Agencies

[Federal Register Volume 74, Number 87 (Thursday, May 7, 2009)]
[Notices]
[Pages 21390-21391]
From the Federal Register Online via the Government Printing Office [www.gpo.gov]
[FR Doc No: E9-10547]


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DEPARTMENT OF THE INTERIOR

National Park Service


Notice of Inventory Completion: Warren Anatomical Museum, Harvard 
University, Boston, MA

AGENCY: National Park Service, Interior.

ACTION: Notice.

-----------------------------------------------------------------------

    Notice is here given in accordance with the Native American Graves 
Protection and Repatriation Act (NAGPRA), 25 U.S.C. 3003, of the 
completion of an inventory of human remains in the possession and 
control of Warren Anatomical Museum, Harvard University, Boston, MA. 
The human remains were removed from the Island of Oahu, HI.
    This notice is published as part of the National Park Service's 
administrative responsibilities under NAGPRA, 25 U.S.C. 3003 (d)(3). 
The determinations in this notice are the sole responsibility of the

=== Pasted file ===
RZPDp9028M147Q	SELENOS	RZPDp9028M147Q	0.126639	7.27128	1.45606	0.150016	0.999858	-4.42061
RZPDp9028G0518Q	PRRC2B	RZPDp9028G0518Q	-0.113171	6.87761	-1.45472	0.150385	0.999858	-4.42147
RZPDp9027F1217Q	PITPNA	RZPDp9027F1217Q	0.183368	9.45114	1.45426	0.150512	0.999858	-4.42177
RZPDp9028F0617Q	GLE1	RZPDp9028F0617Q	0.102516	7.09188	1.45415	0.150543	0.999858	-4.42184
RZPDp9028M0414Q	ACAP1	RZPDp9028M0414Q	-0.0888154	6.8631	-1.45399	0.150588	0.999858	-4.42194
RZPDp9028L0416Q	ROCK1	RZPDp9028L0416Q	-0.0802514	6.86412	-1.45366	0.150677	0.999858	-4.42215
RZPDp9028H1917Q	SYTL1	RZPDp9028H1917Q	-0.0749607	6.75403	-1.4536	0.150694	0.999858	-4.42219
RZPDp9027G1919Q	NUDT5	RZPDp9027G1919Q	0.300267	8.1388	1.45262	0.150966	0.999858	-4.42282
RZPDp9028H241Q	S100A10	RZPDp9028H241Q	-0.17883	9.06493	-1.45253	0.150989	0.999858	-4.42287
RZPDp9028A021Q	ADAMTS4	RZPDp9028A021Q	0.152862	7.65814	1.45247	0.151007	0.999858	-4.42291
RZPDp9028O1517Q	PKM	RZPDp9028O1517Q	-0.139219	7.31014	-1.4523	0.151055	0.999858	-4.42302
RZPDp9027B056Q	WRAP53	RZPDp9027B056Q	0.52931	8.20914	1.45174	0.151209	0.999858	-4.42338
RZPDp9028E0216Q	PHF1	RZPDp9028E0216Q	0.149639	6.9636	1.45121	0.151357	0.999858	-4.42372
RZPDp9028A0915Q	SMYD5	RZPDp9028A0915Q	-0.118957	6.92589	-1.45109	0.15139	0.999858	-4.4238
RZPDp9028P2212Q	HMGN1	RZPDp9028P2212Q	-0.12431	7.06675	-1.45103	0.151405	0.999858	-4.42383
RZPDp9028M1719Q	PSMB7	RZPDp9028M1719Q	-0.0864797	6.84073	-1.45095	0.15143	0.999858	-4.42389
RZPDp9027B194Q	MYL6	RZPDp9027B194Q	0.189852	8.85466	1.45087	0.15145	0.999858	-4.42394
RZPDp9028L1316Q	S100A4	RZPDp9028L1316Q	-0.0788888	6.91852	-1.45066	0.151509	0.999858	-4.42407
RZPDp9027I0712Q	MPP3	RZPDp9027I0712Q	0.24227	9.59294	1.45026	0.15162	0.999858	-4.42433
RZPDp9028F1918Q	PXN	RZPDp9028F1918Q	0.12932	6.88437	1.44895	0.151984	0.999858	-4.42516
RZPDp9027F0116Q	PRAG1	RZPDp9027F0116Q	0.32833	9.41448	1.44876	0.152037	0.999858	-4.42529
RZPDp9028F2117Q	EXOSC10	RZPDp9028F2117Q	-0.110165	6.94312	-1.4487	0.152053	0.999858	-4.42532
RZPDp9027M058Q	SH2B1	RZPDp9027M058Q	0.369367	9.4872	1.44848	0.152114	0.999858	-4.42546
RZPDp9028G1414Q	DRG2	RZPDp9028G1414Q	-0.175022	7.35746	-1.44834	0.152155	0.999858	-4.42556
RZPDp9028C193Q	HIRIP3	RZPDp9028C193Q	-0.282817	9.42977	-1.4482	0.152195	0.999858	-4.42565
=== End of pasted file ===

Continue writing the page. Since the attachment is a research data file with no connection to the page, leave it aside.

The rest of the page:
museum, institution, or Federal agency that has control of the Native 
American human remains. The National Park Service is not responsible 
for the determinations in this notice.
    A detailed assessment of the human remains was made by Peabody 
Museum of Archaeology and Ethnology and Warren Anatomical Museum 
professional staff in consultation with representatives of the Hawaii 
Island Burial Council, Hui Malama I Na Kupuna O Hawai'i Nei, Oahu 
Island Burial Council, and the Office of Hawaiian Affairs.
    In 1843, human remains representing a minimum of one individual 
were removed from Oahu Island, HI, by J. H. Lyman. The human remains 
were presented to the Anatomical Museum of the Boston Society for 
Medical Improvement on an unknown date before 1847. The Anatomical 
Museum of the Boston Society for Medical Improvement transferred its 
collection to the Warren Anatomical Museum in 1871. No known individual 
was identified. No associated funerary objects are present.
    Osteological characteristics indicate that the human remains are 
Native American. Museum documentation states that the human remains 
were recovered from a cave in a ``volcanic mountain'' on the eastern 
end of the Island of Oahu in the ``Sandwich Islands.'' ``Sandwich 
Islands'' is an antiquated term used to describe the islands of Hawaii. 
Anthropological and historic information indicates that cave interments 
are consistent with traditional Native Hawaiian mortuary practices. 
Archeological and historic documentation combined with oral traditions